Preoperative lateral radiograph, University Foot and Ankle Institute, Dr. Ryan Carter
Fig. 2: Preoperative lateral radiograph of right foot showing subluxed Silastic implant with local osteophytes and heterotrophic bone formation.

An autologous bone graft was harvested using a punch graft from the lateral wall of the right distal tibia and right lateral calcaneus under the guidance of fluoroscopy. The graft included cortical and cancel- lous bone, and the defects were filled with demineralized bone matrix bone putty. Next, the ablated joint space was assessed for size and shape using the sizer specific to the titanium implant. Before placing the 6-mm cage into the arthrodesis site, it was packed with the au- tologous bone graft and the demineralized bone matrix containing growth factors.

 

After placing the cage, a spanning plate with was fastened over the base of the proximal phalanx to the first meta- tarsal using 3.0-mm locking and nonlocking screws. A second 6-hole plate was placed medially over the same region using six 2.4-mm nonlocking screws to prevent any motion at the cage-graft site. Intraoperative fluoroscopy confirmed appropriate placement of the titanium truss and plate construct at the right first MTP joint. The goal of the additional plate was to increase the stability and prevent frontal plane rotation of the cage construct. After closing, a well-padded splint was placed on the patient for postoperative immobilization.

 

Preoperative sagittal computed tomography, Dr. Ryan Carter and University Foot and Ankle Institute
Fig. 3: Preoperative sagittal computed tomography of right foot showing subluxed Silastic implant with local osteophytes and heterotrophic bone formation.

The patient endured 6 weeks of non-weightbearing in a cast, pos- terior splint, and, ultimately, a controlled ankle motion walker boot. The patient also began using a low-intensity pulsed ultrasound bone stimulator at 2 weeks postoperatively. By 6 weeks postoperatively, the patient had noted a drastic decrease in pain, and he was ready to bear weight protected in a controlled ankle motion walker boot.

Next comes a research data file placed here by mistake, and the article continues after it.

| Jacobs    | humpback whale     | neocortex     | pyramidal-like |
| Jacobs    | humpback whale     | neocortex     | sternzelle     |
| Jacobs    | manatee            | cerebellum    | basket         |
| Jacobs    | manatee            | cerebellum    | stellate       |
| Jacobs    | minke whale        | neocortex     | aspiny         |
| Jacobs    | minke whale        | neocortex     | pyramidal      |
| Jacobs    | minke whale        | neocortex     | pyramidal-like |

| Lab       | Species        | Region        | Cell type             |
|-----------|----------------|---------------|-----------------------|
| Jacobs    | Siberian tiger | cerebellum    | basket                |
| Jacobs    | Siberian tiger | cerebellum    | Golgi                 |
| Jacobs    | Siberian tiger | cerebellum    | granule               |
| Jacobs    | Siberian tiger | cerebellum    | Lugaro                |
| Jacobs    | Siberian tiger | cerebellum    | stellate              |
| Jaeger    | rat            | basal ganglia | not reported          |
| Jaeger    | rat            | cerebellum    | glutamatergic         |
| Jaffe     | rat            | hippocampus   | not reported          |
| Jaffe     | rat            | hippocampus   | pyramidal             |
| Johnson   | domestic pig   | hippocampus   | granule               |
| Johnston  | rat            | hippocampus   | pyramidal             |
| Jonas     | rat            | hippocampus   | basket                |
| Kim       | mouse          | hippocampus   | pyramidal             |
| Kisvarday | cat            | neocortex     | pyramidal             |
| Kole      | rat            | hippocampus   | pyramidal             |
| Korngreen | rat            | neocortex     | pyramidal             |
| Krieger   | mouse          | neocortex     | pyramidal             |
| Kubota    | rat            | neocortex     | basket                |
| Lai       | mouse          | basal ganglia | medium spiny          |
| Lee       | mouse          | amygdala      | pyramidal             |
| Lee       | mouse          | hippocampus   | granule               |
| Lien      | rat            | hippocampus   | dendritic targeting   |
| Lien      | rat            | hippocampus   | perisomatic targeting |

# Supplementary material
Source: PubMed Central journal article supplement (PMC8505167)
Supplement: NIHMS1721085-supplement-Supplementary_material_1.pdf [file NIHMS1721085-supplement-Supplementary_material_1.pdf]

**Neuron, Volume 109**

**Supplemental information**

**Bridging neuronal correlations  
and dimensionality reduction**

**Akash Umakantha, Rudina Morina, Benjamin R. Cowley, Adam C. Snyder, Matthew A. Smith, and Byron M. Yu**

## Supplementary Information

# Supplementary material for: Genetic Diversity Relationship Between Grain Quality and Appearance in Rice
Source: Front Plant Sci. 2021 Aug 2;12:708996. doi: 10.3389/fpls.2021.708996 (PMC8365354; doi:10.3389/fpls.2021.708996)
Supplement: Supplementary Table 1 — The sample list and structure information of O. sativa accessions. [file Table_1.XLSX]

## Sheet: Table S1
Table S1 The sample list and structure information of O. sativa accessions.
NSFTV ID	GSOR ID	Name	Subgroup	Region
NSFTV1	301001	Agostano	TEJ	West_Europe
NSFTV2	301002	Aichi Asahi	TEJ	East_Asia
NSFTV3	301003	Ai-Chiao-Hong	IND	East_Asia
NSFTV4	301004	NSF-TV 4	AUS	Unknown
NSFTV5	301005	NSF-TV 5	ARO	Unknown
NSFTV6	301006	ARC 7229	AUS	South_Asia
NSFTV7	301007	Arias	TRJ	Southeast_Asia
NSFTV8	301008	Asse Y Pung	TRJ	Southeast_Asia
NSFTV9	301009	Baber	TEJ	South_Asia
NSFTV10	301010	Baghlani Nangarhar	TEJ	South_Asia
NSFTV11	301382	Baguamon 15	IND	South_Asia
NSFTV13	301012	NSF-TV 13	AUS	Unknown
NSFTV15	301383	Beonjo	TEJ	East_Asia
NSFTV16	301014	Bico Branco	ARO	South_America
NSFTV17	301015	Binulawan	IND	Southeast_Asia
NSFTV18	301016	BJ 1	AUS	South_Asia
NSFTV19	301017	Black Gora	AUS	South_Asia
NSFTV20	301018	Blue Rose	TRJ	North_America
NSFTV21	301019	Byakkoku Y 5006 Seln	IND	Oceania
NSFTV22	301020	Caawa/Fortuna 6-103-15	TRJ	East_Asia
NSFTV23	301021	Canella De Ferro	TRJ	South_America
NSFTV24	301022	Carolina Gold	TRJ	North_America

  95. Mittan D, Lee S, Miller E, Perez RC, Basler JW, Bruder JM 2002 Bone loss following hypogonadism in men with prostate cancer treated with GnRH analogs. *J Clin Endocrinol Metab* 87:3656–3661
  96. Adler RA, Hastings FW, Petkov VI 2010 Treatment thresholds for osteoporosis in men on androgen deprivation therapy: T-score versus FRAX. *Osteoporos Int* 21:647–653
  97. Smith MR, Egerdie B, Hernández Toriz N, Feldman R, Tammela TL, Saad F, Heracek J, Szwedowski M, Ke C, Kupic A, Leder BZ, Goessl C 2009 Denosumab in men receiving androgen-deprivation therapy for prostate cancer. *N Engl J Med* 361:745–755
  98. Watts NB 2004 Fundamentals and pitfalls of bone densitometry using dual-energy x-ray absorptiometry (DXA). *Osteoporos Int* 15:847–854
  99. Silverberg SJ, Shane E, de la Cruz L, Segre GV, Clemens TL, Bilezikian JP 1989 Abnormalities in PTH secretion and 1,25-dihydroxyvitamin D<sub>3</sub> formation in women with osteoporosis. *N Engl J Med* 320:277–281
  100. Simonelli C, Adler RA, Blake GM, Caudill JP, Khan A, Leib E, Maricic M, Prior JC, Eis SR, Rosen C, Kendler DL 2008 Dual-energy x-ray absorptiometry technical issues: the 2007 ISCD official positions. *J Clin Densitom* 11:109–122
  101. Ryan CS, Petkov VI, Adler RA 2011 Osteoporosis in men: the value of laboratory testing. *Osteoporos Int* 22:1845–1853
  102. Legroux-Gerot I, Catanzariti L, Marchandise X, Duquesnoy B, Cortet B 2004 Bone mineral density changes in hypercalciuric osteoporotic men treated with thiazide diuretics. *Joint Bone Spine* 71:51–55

Radiographs and a CT scan at 2 months postoperatively showed bony fusion between the distal aspect of the right first MTP joint and the titanium cage implant without signs of bony resorption. At 9 months postoperatively, the patient exhibited bony fusion and had returned to work wearing regular shoe gear. The treatment dates included surgery in August 2016 and 10 months of follow-up examinations through May 2017.

 

Patient 2

 

Preoperative anteroposterior radiograph of the right foot, University Foot and Ankle Institute and Dr. Ryan Carter
Fig. 12: Preoperative anteroposterior radiograph of the right foot confirming nonunion with bony resorption at the autograft implantation site.

A nonsmoking 57-year-old female presented with a complicated right foot deformity, including a history of 2 previous distal bunion procedures and second and third interspace neurectomies. The pre- vious bunionectomies had resulted in a short first ray with an abnormal parabola and an elongated second ray. Additionally, the patient ex- perienced pain in her second metatarsal, which was later shown radiographically to have a significant stress fracture. The physical ex- amination revealed an intact neurovascular status. The patient underwent a right foot revision bunion procedure with lapidus and interpositional calcaneal bicortical graft, along with a second meta- tarsal shortening osteotomy.

 

The patient's graft resorbed, which resulted in nonunion of the right first tarsometatarsal joint. It was later determined that the patient had a vitamin D deficiency, which likely contributed to the nonunion. Preoperative radiographs and CT imaging confirmed nonunion with bony resorption at autograft implantation site (Figs. 12-13). At 7 months after her diagnosed nonunion lapidus procedure and correction of her vitamin D deficiency, a titanium cage implant with stem cell allograft and a medial column fusion plate was determined to be the most effective option for surgical revision.